There is only one unitary representation for the algebra of bosonic operators. Given a set of creation and annihilation operators,

$$ [b,b^\dagger] = 1, $$

you can define a set of canonical position and momentum operators,

$$ [Q,P] = iC,\quad [C,P] = [C,Q] = 0. $$

which is known as Heisenberg algebra. $C$ is the center of this algebra. There is only one unitary representation for Heisenberg algebra (Stone-von Neumann theorem).

As for the "new representation" you mentioned, those ($P'$ and $Q'$) are just action-angle variables. $Q'$ in the "new representation" is the amplitude of oscillation, whereas $P'$ is roughly the phase angle. More specifically (set $\alpha=1$),

$$ Q = \sqrt{2Q'}\cos(P');\quad P = \sqrt{2Q'}\sin(P'). $$

$P'$ and $Q'$ are the "new" variables. They also form canonical conjugate pair. You can check this for both classical and quantum oscillators.

  • $\begingroup$ What do you mean by action-angle variables ? I did not assume anything in this representation (just the CCR of $Q$ and $P$). $\endgroup$ Feb 2, 2014 at 1:18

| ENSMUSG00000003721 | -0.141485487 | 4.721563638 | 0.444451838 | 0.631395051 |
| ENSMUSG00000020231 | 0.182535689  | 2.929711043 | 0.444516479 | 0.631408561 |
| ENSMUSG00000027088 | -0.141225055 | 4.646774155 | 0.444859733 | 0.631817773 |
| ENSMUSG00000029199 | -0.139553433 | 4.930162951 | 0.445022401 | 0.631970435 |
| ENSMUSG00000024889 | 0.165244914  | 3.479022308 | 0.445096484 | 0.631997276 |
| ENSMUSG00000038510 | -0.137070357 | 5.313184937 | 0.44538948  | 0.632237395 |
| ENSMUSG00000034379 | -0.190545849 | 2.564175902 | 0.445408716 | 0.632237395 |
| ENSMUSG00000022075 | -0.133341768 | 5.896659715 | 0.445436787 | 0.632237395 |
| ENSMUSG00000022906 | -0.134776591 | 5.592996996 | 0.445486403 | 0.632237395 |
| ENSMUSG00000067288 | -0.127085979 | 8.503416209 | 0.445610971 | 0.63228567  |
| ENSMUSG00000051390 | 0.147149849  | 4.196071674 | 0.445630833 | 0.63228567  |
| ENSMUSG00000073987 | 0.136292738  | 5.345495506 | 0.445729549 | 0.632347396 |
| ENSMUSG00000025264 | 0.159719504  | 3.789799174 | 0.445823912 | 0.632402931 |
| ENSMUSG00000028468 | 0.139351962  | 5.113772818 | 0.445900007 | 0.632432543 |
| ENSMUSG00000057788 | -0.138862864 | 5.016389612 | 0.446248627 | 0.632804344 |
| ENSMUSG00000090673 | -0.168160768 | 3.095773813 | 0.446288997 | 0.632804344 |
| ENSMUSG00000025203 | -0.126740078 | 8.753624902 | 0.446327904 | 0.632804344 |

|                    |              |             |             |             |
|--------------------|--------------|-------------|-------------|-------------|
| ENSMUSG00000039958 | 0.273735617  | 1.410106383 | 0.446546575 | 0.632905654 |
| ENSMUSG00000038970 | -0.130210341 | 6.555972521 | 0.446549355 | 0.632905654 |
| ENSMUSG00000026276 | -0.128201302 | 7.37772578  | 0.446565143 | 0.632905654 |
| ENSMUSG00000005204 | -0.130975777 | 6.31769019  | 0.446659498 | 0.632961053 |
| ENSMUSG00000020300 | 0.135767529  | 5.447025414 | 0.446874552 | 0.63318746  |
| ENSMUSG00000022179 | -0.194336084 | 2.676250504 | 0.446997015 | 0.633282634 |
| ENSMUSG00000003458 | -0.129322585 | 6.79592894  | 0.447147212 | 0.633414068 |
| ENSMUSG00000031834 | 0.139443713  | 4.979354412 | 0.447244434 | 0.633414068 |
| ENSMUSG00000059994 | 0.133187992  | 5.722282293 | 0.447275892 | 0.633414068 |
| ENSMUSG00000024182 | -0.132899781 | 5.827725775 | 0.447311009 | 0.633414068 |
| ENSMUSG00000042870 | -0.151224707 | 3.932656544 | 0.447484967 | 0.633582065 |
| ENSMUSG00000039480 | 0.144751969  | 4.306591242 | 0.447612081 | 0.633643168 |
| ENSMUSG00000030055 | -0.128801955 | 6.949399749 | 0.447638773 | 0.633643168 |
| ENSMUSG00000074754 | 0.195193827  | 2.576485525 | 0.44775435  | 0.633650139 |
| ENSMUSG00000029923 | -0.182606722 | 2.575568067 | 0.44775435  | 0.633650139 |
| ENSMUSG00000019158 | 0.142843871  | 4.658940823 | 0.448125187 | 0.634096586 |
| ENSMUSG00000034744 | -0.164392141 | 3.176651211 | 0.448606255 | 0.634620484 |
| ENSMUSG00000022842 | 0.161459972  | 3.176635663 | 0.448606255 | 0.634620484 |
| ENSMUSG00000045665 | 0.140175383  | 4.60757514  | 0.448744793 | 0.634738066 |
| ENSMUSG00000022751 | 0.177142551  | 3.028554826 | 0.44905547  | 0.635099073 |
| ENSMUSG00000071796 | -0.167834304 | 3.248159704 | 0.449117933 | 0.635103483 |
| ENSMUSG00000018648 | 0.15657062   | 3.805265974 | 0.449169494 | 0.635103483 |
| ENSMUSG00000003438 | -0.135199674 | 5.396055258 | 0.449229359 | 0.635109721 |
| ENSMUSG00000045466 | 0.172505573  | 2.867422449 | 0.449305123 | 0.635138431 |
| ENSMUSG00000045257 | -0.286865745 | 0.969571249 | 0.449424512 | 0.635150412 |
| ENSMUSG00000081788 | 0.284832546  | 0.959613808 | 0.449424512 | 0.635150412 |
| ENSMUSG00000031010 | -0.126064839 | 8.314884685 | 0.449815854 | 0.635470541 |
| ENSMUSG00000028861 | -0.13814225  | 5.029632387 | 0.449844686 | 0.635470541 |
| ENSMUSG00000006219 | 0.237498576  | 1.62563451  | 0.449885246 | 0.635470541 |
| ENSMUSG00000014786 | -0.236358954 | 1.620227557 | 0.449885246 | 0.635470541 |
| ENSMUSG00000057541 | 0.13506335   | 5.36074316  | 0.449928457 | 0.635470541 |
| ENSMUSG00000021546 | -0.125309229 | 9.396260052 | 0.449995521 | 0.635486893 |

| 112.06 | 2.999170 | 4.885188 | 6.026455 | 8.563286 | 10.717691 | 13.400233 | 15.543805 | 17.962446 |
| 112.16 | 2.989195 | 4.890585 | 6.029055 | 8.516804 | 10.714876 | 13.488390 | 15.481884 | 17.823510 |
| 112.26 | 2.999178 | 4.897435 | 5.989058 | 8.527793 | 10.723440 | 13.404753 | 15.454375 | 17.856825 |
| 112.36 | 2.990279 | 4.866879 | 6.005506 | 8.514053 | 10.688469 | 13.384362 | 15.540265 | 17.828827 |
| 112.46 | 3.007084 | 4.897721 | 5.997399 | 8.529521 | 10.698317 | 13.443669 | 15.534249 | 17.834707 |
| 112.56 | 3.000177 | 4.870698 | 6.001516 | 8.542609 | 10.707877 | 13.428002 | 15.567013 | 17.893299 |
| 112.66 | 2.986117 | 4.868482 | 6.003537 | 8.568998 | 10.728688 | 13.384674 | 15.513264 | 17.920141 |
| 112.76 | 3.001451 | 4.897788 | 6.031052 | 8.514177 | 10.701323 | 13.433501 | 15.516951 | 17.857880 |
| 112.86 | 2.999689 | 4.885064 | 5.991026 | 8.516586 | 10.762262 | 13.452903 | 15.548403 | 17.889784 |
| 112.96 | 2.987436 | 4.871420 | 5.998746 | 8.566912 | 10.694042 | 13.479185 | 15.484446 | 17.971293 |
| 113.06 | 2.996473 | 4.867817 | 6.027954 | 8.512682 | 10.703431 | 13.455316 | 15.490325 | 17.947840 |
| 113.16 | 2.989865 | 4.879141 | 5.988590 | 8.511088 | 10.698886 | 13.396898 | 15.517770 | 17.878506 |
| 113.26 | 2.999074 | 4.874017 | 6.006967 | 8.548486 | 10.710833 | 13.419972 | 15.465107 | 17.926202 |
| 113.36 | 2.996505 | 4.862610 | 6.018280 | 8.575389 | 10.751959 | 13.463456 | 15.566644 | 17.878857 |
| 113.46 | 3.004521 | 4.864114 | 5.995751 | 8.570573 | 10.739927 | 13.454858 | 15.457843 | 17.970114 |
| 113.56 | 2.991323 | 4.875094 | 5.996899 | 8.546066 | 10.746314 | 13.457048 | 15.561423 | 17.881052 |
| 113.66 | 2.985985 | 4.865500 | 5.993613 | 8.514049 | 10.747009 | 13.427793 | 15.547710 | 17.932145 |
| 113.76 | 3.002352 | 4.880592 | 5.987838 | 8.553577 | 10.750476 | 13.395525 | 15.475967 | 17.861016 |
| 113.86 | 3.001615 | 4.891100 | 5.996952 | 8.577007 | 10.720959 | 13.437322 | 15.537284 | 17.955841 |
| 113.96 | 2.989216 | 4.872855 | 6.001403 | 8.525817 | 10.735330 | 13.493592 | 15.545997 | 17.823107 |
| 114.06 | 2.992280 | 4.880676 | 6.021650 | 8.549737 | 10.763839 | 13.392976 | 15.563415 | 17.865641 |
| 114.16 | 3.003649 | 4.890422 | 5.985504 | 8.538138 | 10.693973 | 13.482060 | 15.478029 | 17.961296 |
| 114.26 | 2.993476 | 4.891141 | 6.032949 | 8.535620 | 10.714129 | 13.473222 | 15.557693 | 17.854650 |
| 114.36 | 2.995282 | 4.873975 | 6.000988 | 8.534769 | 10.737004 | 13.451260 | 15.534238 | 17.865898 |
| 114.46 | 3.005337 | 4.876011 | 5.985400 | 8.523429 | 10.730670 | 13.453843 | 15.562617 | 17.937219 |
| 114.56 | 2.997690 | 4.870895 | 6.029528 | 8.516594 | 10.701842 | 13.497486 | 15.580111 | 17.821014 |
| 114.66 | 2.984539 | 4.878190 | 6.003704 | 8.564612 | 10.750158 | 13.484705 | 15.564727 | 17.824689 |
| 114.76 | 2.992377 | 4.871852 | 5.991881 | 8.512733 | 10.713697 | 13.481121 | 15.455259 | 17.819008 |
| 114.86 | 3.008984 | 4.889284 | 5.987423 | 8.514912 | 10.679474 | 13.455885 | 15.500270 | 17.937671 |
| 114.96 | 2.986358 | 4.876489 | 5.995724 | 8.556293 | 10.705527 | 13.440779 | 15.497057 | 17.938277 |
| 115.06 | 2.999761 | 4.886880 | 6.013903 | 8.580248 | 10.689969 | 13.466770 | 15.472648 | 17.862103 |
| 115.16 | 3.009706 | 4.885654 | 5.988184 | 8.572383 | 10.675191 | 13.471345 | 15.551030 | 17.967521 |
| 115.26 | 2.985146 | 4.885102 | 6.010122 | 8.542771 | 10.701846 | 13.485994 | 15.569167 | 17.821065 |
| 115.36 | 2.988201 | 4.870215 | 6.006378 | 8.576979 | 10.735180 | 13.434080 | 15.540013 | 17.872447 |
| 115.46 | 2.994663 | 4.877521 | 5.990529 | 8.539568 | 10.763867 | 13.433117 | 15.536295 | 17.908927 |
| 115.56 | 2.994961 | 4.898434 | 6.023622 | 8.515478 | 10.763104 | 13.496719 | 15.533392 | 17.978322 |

• 1
    $\begingroup$ I mean the Jacobi action-angle variables in the classical mechanics. The "new" $Q$ and $P$ are related to the old ones through a canonical transformation. For a discussion on this subject, see this. $\endgroup$ Feb 2, 2014 at 1:20
  • $\begingroup$ Can you clarify a bit the following : "unitary rep. of an algebra" ? -- I know what a unitary rep. is. However, was is a rep. of an algebra (in simple terms) ? $\endgroup$ Feb 2, 2014 at 4:25
  • 1
    $\begingroup$ I do not understand what you mean for things like $\sqrt{Q}$, since the spectrum of $Q$ includes the negative real axis. Do you mean instead $\sqrt{|Q|}$? $\endgroup$ Feb 2, 2014 at 10:54